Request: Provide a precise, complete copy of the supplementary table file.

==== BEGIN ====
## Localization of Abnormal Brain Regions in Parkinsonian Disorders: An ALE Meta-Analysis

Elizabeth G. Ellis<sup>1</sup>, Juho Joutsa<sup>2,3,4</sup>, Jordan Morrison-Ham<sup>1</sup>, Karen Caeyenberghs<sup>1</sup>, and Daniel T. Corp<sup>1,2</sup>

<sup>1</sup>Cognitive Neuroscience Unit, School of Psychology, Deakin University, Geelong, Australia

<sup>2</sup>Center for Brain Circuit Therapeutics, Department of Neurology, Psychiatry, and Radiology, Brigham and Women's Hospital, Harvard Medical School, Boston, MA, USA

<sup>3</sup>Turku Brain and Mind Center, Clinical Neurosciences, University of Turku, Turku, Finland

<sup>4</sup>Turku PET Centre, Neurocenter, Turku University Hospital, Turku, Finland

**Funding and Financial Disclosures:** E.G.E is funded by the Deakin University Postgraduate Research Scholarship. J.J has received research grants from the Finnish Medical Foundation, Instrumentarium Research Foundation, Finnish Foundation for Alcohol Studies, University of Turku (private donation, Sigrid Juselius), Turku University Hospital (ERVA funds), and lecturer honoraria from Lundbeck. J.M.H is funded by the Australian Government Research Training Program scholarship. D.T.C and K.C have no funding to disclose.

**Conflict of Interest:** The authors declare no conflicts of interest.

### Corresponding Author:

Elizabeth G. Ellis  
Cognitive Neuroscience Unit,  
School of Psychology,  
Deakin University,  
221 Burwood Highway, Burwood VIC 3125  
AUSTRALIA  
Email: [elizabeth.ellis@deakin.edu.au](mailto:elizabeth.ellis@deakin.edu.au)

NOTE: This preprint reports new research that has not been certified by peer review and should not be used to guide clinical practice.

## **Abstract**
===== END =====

## Localization of Abnormal Brain Regions in Parkinsonian Disorders: An ALE Meta-Analysis

Elizabeth G. Ellis<sup>1</sup>, Juho Joutsa<sup>2,3,4</sup>, Jordan Morrison-Ham<sup>1</sup>, Karen Caeyenberghs<sup>1</sup>, and Daniel T. Corp<sup>1,2</sup>

<sup>1</sup>Cognitive Neuroscience Unit, School of Psychology, Deakin University, Geelong, Australia

<sup>2</sup>Center for Brain Circuit Therapeutics, Department of Neurology, Psychiatry, and Radiology, Brigham and Women's Hospital, Harvard Medical School, Boston, MA, USA

<sup>3</sup>Turku Brain and Mind Center, Clinical Neurosciences, University of Turku, Turku, Finland

<sup>4</sup>Turku PET Centre, Neurocenter, Turku University Hospital, Turku, Finland

**Funding and Financial Disclosures:** E.G.E is funded by the Deakin University Postgraduate Research Scholarship. J.J has received research grants from the Finnish Medical Foundation, Instrumentarium Research Foundation, Finnish Foundation for Alcohol Studies, University of Turku (private donation, Sigrid Juselius), Turku University Hospital (ERVA funds), and lecturer honoraria from Lundbeck. J.M.H is funded by the Australian Government Research Training Program scholarship. D.T.C and K.C have no funding to disclose.

**Conflict of Interest:** The authors declare no conflicts of interest.

### Corresponding Author:

Elizabeth G. Ellis  
Cognitive Neuroscience Unit,  
School of Psychology,  
Deakin University,  
221 Burwood Highway, Burwood VIC 3125  
AUSTRALIA  
Email: [elizabeth.ellis@deakin.edu.au](mailto:elizabeth.ellis@deakin.edu.au)

NOTE: This preprint reports new research that has not been certified by peer review and should not be used to guide clinical practice.

## **Abstract**